The main concern is that the next generation of voters will not be as fully supportive of the Park and its costs to the tax payers. Also, that the ranks of the environmental movement will be depleted as the boomers pass away. You can see it with the big land owners in the region who are aging and whose next generation is far less interested in this place than their parents.
Like the Republican Party, we are likely to respond to these changes too little and too late. Responding means changing the way that we promote and brand the Park to make sure it is multicultural and diverse in its messages and images. More importantly, it means making an appreciation of nature and the environment an integral part of educating our youth throughout the State. The NYS Museum in Albany is a critical venue for educating future visitors and supporters of the Park. Tens of thousands of students come through it every year from all over the State. The museum is looking to redesign its badly outdated Adirondack displays and we are hoping to work with them to portray the truly amazing environmental achievement we have created in the Adirondack Park, and to make clear that it is something our next generation should be very proud of.
We spent Friday October 19th visiting Long Lake Central School and Indian Lake Central School.
We took the teachers at these schools through a sample of the ADK Futures materials and process with the idea of working them into the curriculum of middle school and high school students this year or next. We discussed various ways we might work with the schools to bring ADK Futures to students.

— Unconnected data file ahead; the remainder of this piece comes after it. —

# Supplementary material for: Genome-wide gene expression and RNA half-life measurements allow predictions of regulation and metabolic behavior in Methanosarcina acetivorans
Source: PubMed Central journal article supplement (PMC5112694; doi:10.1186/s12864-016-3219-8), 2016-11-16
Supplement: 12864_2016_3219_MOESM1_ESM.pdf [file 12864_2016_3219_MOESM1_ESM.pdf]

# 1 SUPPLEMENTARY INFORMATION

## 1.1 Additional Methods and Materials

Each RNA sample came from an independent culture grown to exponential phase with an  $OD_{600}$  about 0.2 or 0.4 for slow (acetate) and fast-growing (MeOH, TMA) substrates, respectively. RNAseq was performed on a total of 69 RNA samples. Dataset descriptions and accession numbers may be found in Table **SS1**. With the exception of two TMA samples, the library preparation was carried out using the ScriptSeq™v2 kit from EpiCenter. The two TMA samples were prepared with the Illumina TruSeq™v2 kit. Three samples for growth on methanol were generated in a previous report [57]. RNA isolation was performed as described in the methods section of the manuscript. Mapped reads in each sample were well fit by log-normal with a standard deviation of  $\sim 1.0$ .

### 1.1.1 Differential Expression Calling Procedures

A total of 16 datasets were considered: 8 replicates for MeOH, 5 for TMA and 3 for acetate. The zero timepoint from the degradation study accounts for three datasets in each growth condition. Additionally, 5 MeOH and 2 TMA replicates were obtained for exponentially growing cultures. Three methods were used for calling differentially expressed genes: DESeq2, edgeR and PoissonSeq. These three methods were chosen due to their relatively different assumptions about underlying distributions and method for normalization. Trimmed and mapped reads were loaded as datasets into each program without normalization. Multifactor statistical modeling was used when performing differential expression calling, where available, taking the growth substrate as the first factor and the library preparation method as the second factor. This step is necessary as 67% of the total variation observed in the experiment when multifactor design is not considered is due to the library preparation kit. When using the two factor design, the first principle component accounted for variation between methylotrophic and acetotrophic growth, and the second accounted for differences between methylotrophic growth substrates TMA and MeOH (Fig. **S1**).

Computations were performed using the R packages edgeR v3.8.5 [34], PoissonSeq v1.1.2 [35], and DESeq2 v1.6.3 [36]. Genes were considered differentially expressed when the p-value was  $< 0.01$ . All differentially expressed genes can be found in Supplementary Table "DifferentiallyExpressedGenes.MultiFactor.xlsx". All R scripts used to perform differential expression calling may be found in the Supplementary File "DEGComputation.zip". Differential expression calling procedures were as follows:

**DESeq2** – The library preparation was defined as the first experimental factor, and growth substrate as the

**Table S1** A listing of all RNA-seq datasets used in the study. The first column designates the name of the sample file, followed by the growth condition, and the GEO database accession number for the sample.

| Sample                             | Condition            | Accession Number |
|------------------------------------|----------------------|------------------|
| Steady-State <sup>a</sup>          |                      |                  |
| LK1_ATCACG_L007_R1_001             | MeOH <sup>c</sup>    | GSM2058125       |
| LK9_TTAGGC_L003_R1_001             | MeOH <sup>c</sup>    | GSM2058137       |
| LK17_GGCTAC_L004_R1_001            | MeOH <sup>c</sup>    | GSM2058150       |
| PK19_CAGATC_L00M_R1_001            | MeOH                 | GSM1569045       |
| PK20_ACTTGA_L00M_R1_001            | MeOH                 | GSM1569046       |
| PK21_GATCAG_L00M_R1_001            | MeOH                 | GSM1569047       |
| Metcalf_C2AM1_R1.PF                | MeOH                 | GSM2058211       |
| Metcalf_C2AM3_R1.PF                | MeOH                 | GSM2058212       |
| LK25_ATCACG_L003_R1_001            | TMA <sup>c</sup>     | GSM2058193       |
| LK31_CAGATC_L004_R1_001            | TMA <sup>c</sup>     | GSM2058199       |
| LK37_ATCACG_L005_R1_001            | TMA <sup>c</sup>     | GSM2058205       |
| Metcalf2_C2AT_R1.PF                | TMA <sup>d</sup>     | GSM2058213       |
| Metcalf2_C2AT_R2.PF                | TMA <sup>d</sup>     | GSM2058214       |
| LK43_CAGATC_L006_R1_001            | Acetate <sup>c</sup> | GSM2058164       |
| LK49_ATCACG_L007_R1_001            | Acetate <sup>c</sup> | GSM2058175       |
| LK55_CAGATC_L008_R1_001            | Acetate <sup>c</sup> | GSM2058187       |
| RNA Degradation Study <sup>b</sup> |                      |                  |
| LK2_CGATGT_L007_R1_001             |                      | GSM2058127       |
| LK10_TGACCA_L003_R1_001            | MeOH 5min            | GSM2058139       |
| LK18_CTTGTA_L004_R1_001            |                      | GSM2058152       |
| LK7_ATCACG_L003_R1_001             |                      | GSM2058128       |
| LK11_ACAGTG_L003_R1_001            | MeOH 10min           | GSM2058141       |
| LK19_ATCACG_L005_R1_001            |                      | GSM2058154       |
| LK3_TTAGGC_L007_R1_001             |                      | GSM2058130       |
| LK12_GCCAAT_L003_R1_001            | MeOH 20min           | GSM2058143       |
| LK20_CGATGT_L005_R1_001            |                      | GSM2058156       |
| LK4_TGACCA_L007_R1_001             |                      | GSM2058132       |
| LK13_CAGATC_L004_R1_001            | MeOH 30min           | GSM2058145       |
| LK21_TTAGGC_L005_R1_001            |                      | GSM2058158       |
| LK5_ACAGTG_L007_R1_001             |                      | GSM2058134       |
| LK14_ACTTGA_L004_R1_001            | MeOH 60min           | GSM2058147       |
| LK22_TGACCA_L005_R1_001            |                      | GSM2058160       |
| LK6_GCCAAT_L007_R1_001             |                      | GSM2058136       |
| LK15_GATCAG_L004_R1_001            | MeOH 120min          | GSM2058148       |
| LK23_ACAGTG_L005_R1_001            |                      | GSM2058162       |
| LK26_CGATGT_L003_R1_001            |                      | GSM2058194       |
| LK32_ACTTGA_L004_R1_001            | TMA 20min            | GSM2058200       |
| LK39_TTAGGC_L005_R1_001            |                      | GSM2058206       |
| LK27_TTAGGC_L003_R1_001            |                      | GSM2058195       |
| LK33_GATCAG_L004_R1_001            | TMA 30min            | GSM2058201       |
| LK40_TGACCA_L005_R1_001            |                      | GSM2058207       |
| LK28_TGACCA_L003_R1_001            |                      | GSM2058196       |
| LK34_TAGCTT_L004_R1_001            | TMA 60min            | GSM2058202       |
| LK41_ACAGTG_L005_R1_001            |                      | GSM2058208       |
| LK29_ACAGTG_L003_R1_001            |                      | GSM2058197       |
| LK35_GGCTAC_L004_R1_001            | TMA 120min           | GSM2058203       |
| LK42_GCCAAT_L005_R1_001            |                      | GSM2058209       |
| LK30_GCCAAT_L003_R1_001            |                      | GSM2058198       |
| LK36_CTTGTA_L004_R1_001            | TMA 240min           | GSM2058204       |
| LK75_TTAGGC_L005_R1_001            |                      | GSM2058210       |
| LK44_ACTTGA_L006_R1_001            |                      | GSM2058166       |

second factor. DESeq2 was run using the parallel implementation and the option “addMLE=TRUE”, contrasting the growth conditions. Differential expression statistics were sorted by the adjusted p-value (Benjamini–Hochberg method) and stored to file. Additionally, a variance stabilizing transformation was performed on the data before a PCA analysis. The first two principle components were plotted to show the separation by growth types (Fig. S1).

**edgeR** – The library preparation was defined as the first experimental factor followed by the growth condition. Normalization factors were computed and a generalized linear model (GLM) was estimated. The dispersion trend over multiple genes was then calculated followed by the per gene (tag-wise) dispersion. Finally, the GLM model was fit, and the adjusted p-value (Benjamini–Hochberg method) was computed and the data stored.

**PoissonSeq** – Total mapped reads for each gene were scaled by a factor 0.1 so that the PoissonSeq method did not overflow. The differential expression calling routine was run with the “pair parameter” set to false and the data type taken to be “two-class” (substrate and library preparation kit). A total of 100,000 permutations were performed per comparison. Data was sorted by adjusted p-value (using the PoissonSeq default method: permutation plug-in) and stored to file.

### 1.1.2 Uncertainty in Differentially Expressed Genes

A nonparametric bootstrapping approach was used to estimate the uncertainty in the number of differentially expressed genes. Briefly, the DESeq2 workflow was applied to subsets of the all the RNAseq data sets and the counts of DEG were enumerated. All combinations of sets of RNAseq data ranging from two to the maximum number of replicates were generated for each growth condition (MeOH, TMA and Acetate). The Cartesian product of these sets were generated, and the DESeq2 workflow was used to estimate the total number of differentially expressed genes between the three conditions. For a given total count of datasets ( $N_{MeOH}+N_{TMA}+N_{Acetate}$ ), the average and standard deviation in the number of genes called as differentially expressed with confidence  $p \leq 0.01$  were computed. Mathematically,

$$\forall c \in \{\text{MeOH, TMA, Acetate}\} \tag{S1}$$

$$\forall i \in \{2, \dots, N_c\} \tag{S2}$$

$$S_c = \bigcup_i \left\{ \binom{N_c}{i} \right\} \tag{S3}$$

The new common core standards for schools emphasize learning through real-world problems that are relevant to the students’ lives rather than abstract or fictional problems or topics. Our work provides some great content that can be integrated across a number of subjects: science, math, civics, history, social studies, arts, physical education, etc. Going through a process like scenario planning would teach students to work in teams and allow them to become more engaged in the efforts to improve their communities and the region. But the greatest benefits, we feel, would come from students feeling more empowered to participate in the creation of their own future.
Students would need background information on many aspects of the Adirondack Park region prior to participating in some form of the process. We were pointed to the Adirondack Curriculum Project which already provides a great deal of relevant material, already organized into the lesson plans. As we work with a school, what we develop with them can be reused by other schools. Over time, we could have a pretty complete set of modules that any school in the region can use. Ultimately, we might have a youth planning summit in which students from multiple schools come to debate the best future for them as they grow up and the ways in which they can work to make that future happen.
We look forward to continuing these discussions with these two schools and others.